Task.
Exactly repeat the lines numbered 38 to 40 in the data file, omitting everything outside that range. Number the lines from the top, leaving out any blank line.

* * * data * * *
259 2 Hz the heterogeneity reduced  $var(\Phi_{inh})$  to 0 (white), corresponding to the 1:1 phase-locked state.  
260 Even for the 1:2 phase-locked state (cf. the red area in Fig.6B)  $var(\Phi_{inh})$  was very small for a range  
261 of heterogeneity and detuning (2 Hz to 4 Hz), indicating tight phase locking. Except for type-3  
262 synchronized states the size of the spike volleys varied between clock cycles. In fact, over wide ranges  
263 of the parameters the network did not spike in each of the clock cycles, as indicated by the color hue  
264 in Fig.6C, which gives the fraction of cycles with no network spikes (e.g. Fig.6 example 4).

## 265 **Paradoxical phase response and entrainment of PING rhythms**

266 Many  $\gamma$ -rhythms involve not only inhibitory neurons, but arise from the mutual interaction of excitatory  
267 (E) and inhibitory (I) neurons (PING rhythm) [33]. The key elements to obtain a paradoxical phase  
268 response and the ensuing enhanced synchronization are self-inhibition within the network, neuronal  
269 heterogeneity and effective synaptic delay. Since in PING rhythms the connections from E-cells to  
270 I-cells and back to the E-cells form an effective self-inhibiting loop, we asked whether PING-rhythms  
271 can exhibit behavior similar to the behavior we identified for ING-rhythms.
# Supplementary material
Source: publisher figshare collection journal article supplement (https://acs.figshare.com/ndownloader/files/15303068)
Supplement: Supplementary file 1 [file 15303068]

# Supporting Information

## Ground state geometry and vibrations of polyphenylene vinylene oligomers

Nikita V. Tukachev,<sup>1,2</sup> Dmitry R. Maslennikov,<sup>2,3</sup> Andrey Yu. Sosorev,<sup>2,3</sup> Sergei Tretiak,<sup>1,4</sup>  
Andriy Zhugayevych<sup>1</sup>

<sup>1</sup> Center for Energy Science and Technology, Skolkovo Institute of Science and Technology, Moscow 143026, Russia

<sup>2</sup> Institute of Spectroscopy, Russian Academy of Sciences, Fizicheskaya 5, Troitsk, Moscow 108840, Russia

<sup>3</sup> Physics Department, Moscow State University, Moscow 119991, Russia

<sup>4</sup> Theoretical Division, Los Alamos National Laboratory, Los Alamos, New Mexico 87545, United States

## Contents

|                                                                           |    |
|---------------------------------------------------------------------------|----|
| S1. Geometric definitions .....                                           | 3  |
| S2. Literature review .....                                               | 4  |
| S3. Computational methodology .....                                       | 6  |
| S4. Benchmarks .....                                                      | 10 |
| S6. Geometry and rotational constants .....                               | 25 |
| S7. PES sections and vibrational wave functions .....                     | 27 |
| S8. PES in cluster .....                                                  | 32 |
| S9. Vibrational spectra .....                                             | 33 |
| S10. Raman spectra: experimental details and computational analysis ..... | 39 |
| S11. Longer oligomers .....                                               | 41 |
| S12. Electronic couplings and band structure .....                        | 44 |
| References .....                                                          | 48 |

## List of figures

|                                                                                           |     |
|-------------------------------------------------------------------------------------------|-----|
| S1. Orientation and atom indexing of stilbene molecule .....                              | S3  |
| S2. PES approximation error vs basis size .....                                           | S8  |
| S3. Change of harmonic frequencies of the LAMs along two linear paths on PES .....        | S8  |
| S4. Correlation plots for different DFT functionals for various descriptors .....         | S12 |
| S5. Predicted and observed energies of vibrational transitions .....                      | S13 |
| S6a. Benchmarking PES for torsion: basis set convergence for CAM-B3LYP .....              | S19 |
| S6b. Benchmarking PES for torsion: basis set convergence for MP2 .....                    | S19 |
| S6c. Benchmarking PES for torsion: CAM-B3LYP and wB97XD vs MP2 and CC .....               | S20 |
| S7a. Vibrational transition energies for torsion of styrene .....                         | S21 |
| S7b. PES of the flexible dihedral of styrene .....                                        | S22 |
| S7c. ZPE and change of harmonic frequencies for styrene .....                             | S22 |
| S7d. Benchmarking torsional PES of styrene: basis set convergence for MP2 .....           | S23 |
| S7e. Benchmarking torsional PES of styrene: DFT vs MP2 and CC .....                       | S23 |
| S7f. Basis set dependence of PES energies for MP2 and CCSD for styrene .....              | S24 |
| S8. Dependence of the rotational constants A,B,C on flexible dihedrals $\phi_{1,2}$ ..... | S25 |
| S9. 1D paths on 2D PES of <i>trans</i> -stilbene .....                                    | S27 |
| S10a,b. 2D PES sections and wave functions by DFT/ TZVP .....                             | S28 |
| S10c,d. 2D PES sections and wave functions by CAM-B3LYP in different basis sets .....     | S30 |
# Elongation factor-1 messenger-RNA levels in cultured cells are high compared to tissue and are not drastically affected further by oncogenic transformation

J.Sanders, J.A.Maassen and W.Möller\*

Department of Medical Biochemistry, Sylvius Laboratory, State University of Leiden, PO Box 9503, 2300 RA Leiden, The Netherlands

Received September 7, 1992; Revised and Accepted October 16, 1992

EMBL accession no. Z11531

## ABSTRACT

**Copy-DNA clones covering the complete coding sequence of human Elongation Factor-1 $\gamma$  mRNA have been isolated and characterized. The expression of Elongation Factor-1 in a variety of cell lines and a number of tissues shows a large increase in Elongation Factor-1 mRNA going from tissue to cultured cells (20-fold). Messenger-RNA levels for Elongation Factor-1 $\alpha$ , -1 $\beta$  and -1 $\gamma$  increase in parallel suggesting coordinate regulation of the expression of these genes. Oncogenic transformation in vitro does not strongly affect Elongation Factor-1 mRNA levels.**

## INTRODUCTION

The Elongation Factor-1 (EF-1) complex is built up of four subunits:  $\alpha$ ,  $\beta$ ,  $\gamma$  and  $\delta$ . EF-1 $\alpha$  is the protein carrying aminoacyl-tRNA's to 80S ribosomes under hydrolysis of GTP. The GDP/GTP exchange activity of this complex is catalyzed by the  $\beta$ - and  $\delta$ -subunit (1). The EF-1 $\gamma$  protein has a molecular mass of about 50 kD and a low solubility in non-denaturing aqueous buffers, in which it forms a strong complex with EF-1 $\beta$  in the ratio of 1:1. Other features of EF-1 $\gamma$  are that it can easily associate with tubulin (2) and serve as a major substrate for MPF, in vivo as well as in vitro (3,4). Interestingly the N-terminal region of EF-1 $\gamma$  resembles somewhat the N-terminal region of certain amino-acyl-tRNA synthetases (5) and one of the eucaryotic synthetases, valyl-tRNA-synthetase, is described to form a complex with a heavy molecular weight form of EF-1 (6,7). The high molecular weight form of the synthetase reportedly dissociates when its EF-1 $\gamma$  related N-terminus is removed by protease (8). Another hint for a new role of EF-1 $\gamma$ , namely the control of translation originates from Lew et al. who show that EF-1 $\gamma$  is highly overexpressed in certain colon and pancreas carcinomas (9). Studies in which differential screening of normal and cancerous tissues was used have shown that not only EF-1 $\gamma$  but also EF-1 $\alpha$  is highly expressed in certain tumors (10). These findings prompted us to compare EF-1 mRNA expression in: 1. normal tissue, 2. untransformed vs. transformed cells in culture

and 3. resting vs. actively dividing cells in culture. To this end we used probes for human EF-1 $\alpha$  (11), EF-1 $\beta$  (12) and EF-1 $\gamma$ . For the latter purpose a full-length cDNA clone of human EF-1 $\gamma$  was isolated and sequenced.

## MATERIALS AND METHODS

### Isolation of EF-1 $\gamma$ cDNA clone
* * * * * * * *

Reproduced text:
| S12. Electronic couplings and band structure .....                        | 44 |
| References .....                                                          | 48 |

## List of figures